Harry Potter and the Half-Blood Prince
Harry Potter and the Half-Blood Prince
by J.K. Rowling

Felix Felicis

Symbolism, Imagery, Allegory

The potion's greatest power is in showing us that our innate abilities are as powerful as magic. When Harry tricks Ron by pretending to pour the potion into his pumpkin juice before a Quidditch game, Ron believes that nothing can go wrong because he is under the influence of a potion. As a result, he plays better than he has ever played before and he wins the game for Gryffindor. When Harry reveals that no luck potion was ever involved, Ron realizes that he was capable of greatness all along. These wizards and witches of Hogwarts must learn both how to use magic and how to get along without it by trusting themselves. Magic is often not the most powerful tool in the shed.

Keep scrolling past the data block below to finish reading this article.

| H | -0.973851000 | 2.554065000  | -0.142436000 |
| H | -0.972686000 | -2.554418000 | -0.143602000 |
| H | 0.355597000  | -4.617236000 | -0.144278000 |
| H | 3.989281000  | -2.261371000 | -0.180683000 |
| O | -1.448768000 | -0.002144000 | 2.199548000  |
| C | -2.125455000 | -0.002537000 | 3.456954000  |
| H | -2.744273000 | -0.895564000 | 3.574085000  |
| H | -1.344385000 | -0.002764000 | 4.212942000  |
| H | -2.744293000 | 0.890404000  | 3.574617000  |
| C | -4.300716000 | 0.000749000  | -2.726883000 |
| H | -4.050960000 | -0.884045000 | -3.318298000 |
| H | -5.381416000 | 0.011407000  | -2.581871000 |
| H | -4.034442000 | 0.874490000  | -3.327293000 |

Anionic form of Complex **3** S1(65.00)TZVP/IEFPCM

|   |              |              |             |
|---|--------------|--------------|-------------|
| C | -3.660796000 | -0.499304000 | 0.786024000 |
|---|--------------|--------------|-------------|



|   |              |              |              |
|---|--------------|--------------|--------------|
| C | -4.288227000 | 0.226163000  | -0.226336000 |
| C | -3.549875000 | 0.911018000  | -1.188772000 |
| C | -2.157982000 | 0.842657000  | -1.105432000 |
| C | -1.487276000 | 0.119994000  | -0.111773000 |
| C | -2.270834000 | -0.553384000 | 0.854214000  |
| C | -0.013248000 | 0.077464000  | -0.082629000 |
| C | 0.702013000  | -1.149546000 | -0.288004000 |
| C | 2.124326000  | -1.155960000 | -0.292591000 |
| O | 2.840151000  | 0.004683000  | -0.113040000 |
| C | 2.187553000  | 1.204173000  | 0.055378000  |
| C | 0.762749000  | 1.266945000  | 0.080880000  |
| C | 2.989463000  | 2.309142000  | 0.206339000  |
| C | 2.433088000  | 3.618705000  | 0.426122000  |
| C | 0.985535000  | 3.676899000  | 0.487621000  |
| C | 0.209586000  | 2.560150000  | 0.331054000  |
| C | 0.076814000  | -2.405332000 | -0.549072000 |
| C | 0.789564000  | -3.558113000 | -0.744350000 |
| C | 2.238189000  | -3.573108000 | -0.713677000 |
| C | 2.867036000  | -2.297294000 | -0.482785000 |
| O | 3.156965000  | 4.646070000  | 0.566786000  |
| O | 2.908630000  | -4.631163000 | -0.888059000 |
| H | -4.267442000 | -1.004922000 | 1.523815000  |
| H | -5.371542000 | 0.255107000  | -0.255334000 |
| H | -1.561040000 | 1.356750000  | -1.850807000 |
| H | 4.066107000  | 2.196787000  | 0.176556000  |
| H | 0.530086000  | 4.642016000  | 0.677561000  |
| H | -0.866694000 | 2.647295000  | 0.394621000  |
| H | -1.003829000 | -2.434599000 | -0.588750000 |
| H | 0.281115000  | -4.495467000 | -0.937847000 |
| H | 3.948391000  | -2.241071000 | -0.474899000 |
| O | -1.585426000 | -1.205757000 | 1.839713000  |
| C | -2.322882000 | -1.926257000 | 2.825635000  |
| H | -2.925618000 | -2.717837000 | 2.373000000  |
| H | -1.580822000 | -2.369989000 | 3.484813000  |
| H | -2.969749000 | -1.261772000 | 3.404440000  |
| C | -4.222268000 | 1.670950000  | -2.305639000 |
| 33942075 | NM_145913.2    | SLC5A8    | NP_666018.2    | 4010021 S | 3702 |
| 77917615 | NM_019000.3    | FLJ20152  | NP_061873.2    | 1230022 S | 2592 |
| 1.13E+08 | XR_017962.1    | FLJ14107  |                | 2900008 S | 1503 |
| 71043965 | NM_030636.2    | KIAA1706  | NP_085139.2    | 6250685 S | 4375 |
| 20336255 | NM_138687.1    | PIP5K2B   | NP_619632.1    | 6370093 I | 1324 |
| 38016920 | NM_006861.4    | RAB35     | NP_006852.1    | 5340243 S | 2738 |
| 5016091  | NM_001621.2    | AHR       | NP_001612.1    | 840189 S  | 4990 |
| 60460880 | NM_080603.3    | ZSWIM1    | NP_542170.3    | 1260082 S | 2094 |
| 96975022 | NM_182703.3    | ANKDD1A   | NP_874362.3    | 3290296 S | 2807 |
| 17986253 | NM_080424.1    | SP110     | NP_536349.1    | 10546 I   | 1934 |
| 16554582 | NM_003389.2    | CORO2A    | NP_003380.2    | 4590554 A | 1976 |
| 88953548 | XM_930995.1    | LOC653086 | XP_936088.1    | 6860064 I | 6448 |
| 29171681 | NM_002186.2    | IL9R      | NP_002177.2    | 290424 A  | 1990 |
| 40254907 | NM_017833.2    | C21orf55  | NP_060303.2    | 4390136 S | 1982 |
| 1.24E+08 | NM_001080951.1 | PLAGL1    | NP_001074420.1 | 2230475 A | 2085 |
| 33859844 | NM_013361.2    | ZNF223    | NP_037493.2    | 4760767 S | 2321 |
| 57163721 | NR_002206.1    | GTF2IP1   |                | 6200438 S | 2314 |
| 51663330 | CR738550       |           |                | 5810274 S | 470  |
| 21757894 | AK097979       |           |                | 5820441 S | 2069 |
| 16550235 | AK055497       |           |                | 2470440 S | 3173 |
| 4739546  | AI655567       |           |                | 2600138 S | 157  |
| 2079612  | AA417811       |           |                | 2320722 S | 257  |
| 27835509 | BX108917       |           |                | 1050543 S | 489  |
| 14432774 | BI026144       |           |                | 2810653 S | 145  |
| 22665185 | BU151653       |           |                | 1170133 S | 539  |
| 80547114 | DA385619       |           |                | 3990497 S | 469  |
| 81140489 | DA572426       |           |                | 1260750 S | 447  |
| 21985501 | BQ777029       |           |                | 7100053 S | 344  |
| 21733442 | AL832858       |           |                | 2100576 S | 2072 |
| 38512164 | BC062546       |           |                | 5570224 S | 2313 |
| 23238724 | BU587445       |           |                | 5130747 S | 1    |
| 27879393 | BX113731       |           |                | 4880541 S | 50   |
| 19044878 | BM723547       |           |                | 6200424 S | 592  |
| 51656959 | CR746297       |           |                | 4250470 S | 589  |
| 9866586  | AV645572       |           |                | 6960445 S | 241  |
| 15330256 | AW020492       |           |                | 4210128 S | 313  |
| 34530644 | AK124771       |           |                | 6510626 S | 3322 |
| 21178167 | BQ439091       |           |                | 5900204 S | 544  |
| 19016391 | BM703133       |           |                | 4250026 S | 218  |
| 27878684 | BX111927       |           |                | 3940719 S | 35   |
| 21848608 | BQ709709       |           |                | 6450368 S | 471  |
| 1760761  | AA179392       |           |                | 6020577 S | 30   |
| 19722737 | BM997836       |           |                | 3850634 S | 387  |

Interestingly, the good luck potion also helps Harry secure the much-needed Horcrux memory from Slughorn. The fact that Harry is only able to retrieve this memory via magic reveals the extent to which humans will go to prevent others from discovering secrets, from having their real selves revealed. Slughorn's self-hatred is so huge that he will stop at nothing to make sure his memory is kept secret. In this case, magic helps undo the damage of human guilt.

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